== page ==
A programme to enhance patient diagnoses, speed up turnaround times and modernise pathology services has begun at Barts Health NHS Trust. The initiative is expected to improve clinical collaboration and access to specialists, build foundations for the introduction of AI, and harness data to support life sciences and clinical research.
The trust is deploying a digital pathology network in order to equip pathologists with advanced imaging technology analysis tools and the means to better collaborate, in order to improve reporting of examinations for a population of more than three million people.
Delivered in collaboration with Sectra, the progamme is being deployed across four hospitals, with the help of funding provided by Barts Charity. The scalable imaging technology platform underpinning the initiative will provide potential for expansion to further trusts.
According to chief information officer Sarah Jensen, it will transform how multidisciplinary teams function: “A cancer MDT might have a radiologist, a histopathologist and an oncologist or clinician in the room, deciding a treatment plan, diagnosis or therapy. Currently there is still a microscope and a radiology workstation in the room. In the Sectra system, professionals can pull up radiology images and pathology images simultaneously, allowing better comparisons and more objective clinical decisions, while saving significant preparation time that would be otherwise required ahead of meetings.”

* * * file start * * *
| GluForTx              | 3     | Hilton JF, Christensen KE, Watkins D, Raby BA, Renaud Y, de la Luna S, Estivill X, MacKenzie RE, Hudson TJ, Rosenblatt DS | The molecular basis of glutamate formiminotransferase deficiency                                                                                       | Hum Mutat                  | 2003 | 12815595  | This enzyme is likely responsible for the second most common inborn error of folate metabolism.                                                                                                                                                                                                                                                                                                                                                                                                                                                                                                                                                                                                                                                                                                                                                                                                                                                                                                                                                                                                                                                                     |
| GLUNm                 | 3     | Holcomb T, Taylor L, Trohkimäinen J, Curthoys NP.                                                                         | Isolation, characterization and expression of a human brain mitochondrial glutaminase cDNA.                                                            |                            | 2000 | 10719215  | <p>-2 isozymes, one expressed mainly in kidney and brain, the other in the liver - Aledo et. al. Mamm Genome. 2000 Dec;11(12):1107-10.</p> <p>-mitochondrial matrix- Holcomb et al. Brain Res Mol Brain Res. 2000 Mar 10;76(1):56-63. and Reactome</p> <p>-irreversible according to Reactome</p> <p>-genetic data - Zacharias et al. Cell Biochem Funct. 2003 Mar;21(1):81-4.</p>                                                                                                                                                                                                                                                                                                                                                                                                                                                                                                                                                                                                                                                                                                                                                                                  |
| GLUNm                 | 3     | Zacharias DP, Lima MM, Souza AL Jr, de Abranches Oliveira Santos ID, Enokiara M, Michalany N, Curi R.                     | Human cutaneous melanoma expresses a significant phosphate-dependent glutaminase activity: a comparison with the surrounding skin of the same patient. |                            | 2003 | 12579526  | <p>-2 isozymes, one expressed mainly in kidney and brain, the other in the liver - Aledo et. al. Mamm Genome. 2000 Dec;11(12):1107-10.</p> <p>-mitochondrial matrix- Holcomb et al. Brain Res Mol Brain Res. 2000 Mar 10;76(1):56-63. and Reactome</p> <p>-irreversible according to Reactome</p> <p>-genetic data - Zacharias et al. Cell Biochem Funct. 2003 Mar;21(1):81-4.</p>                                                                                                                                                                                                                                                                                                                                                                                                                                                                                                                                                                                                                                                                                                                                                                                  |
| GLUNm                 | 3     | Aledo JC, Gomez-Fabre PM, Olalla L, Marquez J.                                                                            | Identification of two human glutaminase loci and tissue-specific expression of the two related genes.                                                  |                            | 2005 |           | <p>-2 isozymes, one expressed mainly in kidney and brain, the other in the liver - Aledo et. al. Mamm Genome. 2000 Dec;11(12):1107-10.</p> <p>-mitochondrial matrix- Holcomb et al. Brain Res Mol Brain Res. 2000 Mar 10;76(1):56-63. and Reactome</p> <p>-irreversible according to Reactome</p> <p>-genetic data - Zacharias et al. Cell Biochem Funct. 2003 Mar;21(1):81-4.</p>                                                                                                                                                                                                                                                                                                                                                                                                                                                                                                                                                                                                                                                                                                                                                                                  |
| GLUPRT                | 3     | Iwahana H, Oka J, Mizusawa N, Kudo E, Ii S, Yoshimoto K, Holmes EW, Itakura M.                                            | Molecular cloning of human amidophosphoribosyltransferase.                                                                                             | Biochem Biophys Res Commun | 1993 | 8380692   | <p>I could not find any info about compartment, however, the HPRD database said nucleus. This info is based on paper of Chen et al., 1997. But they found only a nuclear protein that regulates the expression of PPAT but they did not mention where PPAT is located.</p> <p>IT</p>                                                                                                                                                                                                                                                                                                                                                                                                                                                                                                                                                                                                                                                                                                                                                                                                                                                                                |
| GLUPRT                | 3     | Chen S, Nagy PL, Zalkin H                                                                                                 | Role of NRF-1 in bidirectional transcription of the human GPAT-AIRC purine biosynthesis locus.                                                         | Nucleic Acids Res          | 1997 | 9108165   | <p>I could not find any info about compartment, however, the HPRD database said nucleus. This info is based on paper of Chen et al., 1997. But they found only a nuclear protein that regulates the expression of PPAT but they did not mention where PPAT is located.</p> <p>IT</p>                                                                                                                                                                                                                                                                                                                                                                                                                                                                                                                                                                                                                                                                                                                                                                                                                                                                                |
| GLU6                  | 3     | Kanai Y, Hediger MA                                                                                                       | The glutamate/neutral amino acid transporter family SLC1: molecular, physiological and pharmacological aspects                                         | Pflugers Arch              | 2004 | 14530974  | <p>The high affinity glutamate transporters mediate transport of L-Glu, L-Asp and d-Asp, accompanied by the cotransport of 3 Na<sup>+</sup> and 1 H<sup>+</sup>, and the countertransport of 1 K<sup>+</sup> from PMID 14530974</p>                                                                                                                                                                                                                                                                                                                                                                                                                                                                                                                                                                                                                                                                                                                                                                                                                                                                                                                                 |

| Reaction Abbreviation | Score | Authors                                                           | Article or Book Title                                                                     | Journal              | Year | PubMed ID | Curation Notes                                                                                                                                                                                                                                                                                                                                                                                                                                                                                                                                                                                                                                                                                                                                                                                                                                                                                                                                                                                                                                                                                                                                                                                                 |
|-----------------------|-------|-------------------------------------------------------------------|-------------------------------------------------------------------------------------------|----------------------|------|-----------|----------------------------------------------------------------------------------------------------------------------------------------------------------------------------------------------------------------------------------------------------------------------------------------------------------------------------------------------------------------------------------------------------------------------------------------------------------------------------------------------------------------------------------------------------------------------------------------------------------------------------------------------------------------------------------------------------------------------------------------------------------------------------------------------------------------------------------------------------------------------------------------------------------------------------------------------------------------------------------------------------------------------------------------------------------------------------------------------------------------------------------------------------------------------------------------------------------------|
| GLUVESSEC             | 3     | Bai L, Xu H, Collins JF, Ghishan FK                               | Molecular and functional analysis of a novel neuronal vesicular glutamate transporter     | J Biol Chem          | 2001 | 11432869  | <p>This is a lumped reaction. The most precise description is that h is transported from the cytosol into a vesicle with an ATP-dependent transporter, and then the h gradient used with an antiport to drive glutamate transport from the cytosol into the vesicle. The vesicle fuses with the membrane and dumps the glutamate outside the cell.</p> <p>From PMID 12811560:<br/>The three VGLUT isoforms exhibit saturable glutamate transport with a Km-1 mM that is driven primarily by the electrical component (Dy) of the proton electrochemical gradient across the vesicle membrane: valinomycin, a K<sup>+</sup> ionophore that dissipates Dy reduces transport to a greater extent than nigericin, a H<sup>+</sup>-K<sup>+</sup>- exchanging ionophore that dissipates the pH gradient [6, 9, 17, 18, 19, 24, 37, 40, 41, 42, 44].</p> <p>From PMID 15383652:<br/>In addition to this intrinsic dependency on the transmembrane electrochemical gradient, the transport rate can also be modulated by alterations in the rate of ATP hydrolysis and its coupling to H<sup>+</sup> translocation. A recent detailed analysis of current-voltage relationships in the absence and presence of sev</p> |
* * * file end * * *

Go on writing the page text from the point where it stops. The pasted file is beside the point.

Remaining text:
Consultant histopathologist and clinical lead for the digital pathology programme Dr Hasan Rizvi said: “We are creating a connected network of pathologists. It will be much easier for pathologists to collaborate with colleagues and to instantly share a link to images with other specialists for their input, potentially bringing expertise from across London, the UK or even from around the world, to our patients.” Pathologists will interact with a PACS provided by Sectra, which will display high resolution images of slides on screen. The trust’s radiologists already use the enterprise platform to examine x-ray, CT and MR images.
“Removing analogue workflow processes will remove unnecessary delays in diagnoses, which in the case of acute tumours could mean the difference between life and death,” continued Dr Rizvi. “Staff will no longer need to prepare slides to be sent via courier, where they might be broken or go missing. We will also be better positioned to produce the next generation of pathologists.”
Picture: The Sectra system enables radiology and pathology images to be viewed simultaneously.
Published on page 8 of the December 2021 issue of RAD Magazine.